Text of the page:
Now that I've explained the reasons why it's good to use an active/passive cluster, let's talk about the issue of having a server sit idle waiting on a failure to occur. Yes, having an idle server is a waste of resources. How big of a waste really depends on the size of your cluster though. For example, if you have a two node active/passive cluster, then 50% of your cluster resources are being wasted. On the other hand though, if you have a 20 node active/passive cluster that only 5% of the cluster resources are being wasted. The key is to not think of the passive node as wasted resources though, but rather an investment in mail flow continuity.
Additional passive nodes
As I have already explained, the purpose of the passive node is that it can take over should an active node fail. What happens if two active nodes fail though? When the first active node fails, the passive node takes over for the failed node. When the second active node fails, there are no remaining passive nodes to take over for the failed server. Therefore, the second failed server will simply remain off-line.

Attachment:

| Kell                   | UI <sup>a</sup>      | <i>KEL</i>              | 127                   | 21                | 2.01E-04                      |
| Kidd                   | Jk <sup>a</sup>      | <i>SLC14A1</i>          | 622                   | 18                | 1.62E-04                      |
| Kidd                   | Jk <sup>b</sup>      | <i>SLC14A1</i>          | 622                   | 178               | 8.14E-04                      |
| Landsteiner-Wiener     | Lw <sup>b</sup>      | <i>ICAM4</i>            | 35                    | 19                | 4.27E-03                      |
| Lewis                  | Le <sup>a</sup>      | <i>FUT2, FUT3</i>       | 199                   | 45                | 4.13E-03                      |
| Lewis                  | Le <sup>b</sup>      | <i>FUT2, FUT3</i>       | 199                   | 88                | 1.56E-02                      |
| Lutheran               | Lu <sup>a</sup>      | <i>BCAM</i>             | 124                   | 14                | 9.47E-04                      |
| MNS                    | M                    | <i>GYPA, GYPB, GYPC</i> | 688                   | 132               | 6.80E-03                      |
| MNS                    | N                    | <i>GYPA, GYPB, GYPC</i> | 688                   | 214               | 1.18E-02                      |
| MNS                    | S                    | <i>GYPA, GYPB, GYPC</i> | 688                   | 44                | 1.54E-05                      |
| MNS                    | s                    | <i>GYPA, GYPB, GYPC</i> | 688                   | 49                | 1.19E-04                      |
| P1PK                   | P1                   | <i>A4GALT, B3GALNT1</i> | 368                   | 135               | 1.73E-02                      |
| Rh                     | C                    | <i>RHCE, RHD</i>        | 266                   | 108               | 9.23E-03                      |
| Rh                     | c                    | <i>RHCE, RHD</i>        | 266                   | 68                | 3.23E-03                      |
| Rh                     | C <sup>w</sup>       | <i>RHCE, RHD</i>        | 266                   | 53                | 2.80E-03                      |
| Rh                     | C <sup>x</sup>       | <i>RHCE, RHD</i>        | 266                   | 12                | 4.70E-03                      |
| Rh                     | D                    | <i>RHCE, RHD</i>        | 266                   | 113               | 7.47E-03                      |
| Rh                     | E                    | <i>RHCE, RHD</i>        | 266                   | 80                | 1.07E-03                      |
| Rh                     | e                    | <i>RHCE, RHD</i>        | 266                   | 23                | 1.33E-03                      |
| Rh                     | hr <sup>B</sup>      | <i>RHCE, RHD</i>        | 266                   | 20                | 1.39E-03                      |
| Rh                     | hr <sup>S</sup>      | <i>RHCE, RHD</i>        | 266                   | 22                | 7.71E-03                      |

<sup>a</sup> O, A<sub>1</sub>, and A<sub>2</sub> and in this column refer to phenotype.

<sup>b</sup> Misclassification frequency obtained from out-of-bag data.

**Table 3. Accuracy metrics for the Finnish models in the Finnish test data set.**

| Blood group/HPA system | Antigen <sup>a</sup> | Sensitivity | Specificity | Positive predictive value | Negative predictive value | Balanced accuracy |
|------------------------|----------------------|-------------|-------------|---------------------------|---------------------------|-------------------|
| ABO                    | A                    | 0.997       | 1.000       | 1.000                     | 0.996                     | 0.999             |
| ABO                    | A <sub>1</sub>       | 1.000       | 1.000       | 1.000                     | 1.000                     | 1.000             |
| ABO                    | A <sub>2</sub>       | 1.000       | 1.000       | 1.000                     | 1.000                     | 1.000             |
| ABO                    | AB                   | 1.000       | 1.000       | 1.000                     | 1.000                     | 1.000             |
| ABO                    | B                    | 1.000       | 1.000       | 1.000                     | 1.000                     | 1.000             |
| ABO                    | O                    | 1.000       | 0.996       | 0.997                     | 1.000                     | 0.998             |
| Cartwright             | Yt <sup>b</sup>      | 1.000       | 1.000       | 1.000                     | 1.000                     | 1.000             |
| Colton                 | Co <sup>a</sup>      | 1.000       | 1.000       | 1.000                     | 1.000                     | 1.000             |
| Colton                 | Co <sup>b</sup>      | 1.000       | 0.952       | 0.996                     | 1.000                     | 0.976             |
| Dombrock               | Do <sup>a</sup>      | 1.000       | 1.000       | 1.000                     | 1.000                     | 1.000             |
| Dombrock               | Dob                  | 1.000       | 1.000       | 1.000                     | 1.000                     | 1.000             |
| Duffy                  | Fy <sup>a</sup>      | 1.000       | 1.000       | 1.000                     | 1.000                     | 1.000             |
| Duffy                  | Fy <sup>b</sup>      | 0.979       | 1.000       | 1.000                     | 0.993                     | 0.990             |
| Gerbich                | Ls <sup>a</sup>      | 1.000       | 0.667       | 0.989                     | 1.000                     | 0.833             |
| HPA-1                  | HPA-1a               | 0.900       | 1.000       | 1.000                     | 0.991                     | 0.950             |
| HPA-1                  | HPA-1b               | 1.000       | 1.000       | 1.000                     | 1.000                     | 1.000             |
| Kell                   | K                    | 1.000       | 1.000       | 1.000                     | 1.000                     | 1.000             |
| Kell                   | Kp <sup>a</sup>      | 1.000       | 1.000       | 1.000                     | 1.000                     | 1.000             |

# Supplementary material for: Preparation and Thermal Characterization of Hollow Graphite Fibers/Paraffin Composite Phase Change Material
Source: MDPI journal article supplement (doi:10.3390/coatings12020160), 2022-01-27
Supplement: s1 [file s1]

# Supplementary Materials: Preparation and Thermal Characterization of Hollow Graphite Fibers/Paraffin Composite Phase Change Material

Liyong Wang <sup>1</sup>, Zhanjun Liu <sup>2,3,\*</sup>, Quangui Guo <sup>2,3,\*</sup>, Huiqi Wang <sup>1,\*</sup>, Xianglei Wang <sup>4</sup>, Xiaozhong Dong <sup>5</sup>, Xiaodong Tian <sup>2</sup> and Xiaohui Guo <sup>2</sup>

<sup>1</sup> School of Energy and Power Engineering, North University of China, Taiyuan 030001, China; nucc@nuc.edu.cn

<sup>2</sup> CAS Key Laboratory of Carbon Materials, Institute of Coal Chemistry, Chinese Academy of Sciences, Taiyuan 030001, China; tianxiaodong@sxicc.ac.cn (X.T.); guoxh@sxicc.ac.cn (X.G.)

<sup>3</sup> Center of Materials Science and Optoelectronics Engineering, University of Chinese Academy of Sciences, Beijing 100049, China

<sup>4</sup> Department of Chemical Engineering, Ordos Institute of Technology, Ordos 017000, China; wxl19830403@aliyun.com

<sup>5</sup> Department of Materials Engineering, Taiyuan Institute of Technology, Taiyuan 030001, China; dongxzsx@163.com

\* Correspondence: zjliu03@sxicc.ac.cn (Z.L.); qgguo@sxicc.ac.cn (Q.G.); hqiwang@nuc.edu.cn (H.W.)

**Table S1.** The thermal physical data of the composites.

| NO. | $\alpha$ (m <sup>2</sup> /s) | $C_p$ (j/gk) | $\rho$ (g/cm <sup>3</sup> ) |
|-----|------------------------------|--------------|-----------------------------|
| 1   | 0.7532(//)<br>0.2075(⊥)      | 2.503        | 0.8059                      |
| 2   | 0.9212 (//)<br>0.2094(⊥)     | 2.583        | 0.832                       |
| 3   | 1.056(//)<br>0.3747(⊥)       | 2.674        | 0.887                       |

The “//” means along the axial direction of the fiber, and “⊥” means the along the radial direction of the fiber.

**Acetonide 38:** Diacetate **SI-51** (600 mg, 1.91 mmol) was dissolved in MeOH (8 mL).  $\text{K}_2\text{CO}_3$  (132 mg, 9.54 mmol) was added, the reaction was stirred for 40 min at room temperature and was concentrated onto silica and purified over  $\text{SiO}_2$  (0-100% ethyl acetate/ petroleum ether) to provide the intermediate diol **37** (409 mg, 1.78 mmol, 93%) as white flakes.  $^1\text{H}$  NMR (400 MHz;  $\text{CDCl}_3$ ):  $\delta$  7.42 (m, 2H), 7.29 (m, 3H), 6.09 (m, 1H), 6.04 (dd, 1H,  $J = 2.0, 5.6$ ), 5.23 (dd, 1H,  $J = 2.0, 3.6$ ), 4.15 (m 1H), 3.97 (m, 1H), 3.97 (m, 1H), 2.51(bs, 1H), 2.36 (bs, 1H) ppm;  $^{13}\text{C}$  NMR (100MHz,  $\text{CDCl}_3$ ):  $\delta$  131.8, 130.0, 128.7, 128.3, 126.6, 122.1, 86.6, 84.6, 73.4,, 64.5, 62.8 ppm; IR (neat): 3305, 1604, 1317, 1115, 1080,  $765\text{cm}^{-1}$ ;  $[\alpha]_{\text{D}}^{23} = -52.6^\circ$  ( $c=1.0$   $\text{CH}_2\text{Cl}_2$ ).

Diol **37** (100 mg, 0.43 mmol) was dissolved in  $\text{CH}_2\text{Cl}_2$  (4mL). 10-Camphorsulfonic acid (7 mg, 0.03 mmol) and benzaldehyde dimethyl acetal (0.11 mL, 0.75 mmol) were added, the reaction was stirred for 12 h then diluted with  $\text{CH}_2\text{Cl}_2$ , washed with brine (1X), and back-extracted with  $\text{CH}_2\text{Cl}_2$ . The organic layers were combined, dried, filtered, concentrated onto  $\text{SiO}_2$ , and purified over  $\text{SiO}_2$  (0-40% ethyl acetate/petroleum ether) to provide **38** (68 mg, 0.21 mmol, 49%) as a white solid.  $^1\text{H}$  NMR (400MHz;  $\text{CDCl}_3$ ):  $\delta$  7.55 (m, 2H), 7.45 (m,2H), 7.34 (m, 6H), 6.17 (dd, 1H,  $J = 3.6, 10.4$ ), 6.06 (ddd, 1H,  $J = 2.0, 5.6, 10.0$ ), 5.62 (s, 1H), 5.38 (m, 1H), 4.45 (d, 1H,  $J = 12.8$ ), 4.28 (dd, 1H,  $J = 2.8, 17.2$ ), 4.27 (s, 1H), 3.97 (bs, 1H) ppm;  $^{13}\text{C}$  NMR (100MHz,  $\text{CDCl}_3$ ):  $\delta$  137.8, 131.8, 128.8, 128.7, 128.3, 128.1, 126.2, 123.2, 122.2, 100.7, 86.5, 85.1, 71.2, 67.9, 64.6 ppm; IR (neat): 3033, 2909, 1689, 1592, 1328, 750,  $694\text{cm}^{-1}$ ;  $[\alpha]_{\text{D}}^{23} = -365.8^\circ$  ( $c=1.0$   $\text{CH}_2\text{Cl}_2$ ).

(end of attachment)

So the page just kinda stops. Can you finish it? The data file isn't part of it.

The thing about an active/passive cluster is that you're not actually limited to a single passive node. You can easily create an active/passive cluster containing multiple passive nodes. For example, a common cluster configuration is a 5+3 active/passive cluster. What this means is that the cluster contains five active nodes and three passive nodes. In this type the configuration, up to three of the cluster's five active nodes can fail before Exchange availability is jeopardized.
Unsupported Exchange components
Because of the special nature of an Exchange Server cluster, there are some Exchange Server 2003 components that simply will not function on a cluster node. This doesn't however mean that you can't run these components on other Exchange 2003 servers outside of the cluster.
The first component that is unsupported is the Active Directory Connector. The reason why this component is unsupported is because clustering is primarily geared towards increasing the availability of mailbox servers. The Active Directory Connector on the other hand is used in keeping the Exchange 5.5 directory synchronized with the Active Directory. Being that the Active Directory Connector is not really an important component for a mailbox server, Microsoft chose not to make the Active Directory Connector cluster aware.